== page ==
78

Computation in science and engineering requires tradeoffs in precision, range, and speed. Fixed point arithmetic provides precision, and decent speed, but it sacrifices range. BigNum, arbitrary precision libraries, win on range and precision, but lose on speed. The crux of the matter is that most scientific and engineering calculations need high speed, and ...


55

It's called banker's rounding. The idea is to minimize the cumulative error from many rounding operations. Lets say you always rounded .5 down. Think of all those little interest payments, the bank pocketing half a cent each time... Lets say you always rounded .5 up. Accounting is going to scream because you're paying out more interest than you should.


46

Your argumentation against floating point numbers is very fragile, probably because of naivety. (No offense here, I find your question is actually very interesting, I hope my answer will also be.) A classic argument is that floats provide a greater range, but high precision integers can meet this challenge now. For example: with modern 64-bit ...


39

A while ago I constructed a test program for successive rounding, because it's basically a worst-case stress test for a rounding algorithm. For each number from 0 to 9,999 it first rounds to the nearest 10, then to the nearest 100, then to the nearest 1000. (You could also think of this as 10,000 points in [0,1) being rounded to 3 places, then to 2, then to ...


38

There are numerous ways of storing fractional numbers, and each of them has advantages and disadvantages. Floating-point is, by far, the most popular format. It works by encoding a sign, a mantissa, and a signed base-2 exponent into integers, and packing them into a bunch of bits. For example, you could have a 32-bit mantissa of 0.5 (encoded as 0x88888888) ...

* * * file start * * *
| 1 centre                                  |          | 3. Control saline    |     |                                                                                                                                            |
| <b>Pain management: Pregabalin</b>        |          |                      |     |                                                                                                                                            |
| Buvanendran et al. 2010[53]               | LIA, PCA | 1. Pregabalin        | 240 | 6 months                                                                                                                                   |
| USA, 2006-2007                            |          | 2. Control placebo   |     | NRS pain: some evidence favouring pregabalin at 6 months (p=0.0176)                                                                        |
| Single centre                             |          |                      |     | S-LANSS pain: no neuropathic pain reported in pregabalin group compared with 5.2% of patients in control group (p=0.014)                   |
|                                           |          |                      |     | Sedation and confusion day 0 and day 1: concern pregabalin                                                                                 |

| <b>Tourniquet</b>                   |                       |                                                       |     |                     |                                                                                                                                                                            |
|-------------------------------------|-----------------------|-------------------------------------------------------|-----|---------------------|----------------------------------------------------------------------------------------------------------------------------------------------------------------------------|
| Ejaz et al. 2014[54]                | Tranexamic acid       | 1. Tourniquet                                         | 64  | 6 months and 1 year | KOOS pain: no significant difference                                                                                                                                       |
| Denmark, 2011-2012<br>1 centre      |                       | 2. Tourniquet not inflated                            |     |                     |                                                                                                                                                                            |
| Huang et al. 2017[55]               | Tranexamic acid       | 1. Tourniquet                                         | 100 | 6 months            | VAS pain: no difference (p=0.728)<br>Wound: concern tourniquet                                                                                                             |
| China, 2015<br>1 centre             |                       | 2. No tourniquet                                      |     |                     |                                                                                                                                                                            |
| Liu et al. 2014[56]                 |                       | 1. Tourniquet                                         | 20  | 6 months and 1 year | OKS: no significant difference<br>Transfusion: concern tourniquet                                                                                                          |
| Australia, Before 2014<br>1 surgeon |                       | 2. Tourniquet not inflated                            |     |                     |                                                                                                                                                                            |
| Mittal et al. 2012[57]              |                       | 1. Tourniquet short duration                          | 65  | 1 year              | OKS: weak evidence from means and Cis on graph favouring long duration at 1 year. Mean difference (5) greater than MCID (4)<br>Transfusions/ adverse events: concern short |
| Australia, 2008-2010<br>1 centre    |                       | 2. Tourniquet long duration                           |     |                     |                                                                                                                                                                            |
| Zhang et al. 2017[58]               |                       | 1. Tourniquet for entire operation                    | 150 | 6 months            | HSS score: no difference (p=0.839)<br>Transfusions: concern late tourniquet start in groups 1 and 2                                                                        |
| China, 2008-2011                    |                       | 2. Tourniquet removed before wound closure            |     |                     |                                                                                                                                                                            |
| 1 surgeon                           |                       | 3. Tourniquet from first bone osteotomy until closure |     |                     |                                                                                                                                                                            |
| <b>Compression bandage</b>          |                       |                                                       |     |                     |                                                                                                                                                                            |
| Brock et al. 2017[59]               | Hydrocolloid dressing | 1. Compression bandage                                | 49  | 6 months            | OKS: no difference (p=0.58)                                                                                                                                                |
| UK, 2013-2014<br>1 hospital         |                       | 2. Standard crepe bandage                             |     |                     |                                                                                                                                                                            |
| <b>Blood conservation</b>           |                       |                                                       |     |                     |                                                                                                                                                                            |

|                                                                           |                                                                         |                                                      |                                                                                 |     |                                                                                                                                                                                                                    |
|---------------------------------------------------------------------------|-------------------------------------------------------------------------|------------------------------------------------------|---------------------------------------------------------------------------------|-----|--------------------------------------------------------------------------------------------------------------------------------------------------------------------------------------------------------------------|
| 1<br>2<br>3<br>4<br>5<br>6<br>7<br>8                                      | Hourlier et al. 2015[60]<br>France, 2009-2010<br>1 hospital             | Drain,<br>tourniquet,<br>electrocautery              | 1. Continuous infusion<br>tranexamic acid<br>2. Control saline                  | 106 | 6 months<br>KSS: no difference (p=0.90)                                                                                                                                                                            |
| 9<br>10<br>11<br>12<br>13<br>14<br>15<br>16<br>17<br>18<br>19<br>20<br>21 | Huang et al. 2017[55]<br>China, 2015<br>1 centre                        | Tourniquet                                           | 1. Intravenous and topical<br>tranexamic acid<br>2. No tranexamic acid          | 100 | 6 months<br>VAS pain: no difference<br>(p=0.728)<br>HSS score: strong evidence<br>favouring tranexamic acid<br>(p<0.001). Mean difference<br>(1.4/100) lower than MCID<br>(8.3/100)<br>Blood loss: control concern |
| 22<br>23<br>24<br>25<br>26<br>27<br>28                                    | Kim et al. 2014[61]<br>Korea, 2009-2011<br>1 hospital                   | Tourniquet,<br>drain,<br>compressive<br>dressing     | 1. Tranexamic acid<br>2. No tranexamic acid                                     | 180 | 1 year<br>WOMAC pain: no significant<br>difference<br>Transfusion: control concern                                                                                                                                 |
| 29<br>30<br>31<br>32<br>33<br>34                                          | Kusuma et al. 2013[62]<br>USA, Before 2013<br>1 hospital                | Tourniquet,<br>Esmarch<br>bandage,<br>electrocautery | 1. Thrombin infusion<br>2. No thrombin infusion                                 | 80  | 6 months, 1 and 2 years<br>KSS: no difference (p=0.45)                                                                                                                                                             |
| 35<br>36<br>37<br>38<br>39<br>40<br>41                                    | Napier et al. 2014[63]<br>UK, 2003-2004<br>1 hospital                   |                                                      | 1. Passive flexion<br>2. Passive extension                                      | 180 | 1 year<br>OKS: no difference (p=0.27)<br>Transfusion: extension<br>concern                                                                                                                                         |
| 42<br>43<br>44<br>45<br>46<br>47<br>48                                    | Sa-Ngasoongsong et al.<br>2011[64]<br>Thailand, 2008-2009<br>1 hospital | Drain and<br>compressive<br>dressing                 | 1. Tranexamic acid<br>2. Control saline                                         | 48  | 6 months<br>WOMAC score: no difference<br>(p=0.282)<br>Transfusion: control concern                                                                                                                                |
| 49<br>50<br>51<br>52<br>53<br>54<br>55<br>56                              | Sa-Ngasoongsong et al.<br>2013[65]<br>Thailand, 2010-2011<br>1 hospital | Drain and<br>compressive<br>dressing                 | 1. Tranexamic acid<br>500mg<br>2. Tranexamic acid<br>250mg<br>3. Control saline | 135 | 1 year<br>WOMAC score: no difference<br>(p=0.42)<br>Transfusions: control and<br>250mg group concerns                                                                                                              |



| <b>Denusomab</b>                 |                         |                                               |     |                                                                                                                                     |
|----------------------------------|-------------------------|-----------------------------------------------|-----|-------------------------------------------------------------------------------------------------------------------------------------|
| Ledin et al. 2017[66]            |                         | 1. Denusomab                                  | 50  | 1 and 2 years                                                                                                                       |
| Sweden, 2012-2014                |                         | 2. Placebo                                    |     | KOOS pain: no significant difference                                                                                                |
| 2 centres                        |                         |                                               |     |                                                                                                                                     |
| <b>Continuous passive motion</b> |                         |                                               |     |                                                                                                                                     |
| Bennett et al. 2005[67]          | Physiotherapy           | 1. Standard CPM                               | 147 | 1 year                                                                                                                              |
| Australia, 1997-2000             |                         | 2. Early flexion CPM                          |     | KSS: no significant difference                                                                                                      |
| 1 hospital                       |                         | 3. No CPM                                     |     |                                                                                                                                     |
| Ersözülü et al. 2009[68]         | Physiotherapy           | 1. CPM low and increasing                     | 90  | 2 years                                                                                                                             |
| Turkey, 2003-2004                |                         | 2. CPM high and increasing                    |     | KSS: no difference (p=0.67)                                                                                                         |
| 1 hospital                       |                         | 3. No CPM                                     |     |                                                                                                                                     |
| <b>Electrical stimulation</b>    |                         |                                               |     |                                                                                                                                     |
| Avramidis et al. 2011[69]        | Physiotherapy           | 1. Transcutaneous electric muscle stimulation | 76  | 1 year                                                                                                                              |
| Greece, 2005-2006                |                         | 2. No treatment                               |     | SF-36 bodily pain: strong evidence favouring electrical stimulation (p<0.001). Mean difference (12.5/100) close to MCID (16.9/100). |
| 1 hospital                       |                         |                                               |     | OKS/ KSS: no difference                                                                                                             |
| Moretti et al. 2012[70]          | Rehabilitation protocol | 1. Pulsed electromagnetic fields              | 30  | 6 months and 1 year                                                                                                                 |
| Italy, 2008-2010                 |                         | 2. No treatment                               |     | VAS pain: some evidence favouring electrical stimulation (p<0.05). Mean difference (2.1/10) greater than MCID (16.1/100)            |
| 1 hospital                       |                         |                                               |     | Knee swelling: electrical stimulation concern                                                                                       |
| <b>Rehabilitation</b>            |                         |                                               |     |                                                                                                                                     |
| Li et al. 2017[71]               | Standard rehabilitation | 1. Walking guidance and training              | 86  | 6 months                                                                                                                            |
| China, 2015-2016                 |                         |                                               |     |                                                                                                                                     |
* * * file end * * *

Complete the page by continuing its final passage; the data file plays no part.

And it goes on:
35

There are actually modes of numbers that do that. Binary-coded decimal (BCD) arithmetic has the computer work in base 10. The reason you run into this rarely is that it wastes space: each individual digit of a number takes a minimum of four bits, whereas a computer could otherwise store up to 16 values in that space. (It can also be slower, but it's ...


30

What alternative do you propose? Continuous quantities are represented using real numbers in mathematics. There is no data type that can encode every possible real number (because reals are uncountable), so that means we can only pick a subset of those real numbers that we're most interested in. You can pick all computable reals, which is similar to what ...


26

Because switching to integers doesn't solve anything. The problem with floats isn't that they have inaccuracies, it's that half the people using them don't pay any attention to what's going on. Those same people aren't going to pay proper attention to the units they are using when they use an integer, and a different set of screw ups will happen. Repeat ...


25